Camiel about this programme: ”…It is no coincidence that Schubert and Mozart are two favourite composers of Camiel Boomsma and Iyad Sughayer. Mozart and Schubert both share a special kind of purity and sensitivity.
Such is also the case with the musicianship of Boomsma and Sughayer. When both pianists met each other in London they immediately engaged in lively conversation about their shared passion.
Boomsma and Sughayer strongly sense each other’s individual interpretation. Sughayer’s natural feeling for the profound bright music of the Viennese masters, and Boomsma’s strong intuition for the romantic soul complement each other like yin and yang. Their shared love for poetic and romantic music is expressed in the ever so beautiful Dolly Suite by Fauré and in Dvorak’s picturesque Slavonic dances. A perfect match!…”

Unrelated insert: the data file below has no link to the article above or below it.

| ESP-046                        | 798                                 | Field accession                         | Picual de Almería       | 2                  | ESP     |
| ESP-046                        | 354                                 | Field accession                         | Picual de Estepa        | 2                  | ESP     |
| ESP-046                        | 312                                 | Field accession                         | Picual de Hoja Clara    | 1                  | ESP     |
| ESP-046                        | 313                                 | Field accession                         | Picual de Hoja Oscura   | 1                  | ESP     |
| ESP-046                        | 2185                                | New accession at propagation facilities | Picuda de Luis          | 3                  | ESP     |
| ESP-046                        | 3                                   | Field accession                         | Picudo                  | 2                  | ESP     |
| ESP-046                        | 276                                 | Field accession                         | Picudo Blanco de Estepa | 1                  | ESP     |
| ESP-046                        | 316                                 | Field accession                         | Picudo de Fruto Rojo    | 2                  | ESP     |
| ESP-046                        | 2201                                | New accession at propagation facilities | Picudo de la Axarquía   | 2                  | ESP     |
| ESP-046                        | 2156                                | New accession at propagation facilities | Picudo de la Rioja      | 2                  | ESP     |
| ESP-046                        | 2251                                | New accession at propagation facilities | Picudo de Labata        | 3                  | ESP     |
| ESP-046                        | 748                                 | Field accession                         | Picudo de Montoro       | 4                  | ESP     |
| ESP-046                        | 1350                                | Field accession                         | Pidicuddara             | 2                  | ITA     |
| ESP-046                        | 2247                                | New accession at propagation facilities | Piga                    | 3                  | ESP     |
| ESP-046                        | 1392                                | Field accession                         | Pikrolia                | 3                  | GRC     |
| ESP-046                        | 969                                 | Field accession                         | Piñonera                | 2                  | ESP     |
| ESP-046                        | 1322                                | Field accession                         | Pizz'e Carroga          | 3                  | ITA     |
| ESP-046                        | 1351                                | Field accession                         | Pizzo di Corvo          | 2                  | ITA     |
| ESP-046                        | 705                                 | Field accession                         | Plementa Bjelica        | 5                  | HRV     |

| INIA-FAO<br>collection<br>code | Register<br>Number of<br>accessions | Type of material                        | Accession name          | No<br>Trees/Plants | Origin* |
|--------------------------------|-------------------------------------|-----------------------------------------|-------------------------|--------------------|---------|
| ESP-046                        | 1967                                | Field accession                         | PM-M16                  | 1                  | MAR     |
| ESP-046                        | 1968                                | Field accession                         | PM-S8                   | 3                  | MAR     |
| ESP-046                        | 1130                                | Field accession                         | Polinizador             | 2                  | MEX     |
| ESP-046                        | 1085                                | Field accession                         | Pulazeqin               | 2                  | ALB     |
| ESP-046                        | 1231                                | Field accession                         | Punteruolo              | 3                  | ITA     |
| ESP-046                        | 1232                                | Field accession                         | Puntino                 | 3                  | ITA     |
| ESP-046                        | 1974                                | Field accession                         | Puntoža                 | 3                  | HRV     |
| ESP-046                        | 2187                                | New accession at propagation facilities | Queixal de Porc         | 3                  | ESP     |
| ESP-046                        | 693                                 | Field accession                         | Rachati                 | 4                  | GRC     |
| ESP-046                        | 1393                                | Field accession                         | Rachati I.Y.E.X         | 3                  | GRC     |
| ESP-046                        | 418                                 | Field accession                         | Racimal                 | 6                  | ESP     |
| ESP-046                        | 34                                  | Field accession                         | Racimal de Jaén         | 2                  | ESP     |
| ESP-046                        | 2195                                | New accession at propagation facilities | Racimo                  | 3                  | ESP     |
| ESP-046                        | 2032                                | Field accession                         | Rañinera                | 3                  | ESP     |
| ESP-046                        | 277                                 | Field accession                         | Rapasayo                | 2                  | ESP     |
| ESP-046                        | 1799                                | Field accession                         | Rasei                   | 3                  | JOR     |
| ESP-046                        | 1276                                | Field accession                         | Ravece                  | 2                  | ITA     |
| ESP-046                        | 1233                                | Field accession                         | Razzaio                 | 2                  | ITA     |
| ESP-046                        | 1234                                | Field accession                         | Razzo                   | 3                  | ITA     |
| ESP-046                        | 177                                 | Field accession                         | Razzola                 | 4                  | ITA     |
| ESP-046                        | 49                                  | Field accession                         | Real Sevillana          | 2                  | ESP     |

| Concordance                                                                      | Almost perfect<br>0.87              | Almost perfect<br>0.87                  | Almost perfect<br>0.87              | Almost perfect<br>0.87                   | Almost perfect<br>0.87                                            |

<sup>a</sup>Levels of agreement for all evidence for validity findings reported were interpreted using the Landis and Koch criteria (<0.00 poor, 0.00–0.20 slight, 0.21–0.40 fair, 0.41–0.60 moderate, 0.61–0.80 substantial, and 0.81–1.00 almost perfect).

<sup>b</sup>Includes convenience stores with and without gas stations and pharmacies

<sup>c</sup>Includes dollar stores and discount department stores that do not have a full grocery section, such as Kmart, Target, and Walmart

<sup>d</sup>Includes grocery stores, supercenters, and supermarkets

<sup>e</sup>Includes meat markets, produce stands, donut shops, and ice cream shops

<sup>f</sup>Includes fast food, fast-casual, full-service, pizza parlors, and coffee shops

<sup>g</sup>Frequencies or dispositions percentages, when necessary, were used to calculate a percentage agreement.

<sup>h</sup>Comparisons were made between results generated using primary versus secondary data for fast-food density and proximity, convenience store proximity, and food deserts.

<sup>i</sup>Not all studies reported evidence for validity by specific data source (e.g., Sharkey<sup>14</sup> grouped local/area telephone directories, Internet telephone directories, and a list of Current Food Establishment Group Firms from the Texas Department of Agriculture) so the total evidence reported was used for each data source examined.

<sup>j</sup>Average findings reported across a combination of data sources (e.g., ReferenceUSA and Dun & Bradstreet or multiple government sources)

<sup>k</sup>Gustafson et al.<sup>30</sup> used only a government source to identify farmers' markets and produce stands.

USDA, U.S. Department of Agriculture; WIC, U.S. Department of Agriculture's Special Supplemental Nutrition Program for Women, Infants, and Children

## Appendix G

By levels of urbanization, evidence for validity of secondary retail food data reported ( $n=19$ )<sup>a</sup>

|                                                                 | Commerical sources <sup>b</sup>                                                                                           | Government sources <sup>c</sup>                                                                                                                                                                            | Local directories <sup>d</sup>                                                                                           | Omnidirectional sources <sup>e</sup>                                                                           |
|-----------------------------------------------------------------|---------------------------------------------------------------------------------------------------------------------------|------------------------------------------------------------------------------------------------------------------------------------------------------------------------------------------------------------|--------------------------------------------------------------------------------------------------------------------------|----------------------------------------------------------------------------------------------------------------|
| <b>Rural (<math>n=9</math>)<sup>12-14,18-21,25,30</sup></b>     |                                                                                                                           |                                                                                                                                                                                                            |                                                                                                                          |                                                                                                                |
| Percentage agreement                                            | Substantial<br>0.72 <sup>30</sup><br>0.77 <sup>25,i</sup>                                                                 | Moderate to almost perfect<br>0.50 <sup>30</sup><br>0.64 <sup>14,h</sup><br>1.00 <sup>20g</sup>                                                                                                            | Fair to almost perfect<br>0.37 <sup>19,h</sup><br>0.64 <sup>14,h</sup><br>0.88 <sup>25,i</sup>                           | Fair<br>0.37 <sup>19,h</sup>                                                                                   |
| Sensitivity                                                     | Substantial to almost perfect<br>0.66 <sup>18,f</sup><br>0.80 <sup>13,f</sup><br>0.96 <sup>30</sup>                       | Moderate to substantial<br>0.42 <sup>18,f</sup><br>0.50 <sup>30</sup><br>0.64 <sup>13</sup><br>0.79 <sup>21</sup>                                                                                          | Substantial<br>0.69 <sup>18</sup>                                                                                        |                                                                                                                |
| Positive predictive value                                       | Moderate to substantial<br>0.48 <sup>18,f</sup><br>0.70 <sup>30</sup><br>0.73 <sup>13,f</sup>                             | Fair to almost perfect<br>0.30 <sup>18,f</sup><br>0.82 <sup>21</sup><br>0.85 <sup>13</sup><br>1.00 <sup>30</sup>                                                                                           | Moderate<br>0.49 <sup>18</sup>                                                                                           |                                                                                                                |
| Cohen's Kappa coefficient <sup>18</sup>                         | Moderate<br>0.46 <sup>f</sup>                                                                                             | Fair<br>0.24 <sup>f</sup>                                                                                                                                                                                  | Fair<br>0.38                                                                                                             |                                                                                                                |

Piano Sonata for 4 hands, KV 521 (15’)
Fantasie in F minor for Piano Four Hands, D940 (20’)
The performance Ten Songs of Change is a Concert Poem. It is based on the Yi Jing, the ancient Chinese book of wisdom, possibly the oldest book on the planet. Like other monuments of human culture, it was a cooperative effort spanning many centuries. The oldest ideas in the book were probably handed down by the elders of nomadic tribes. These early authors observed the stars and tides, plants and animals, various cycles of natural events, as well as patterns of relationship in families and societies, the practice of business, craft of government and the grim art of warfare and the eternal human dramas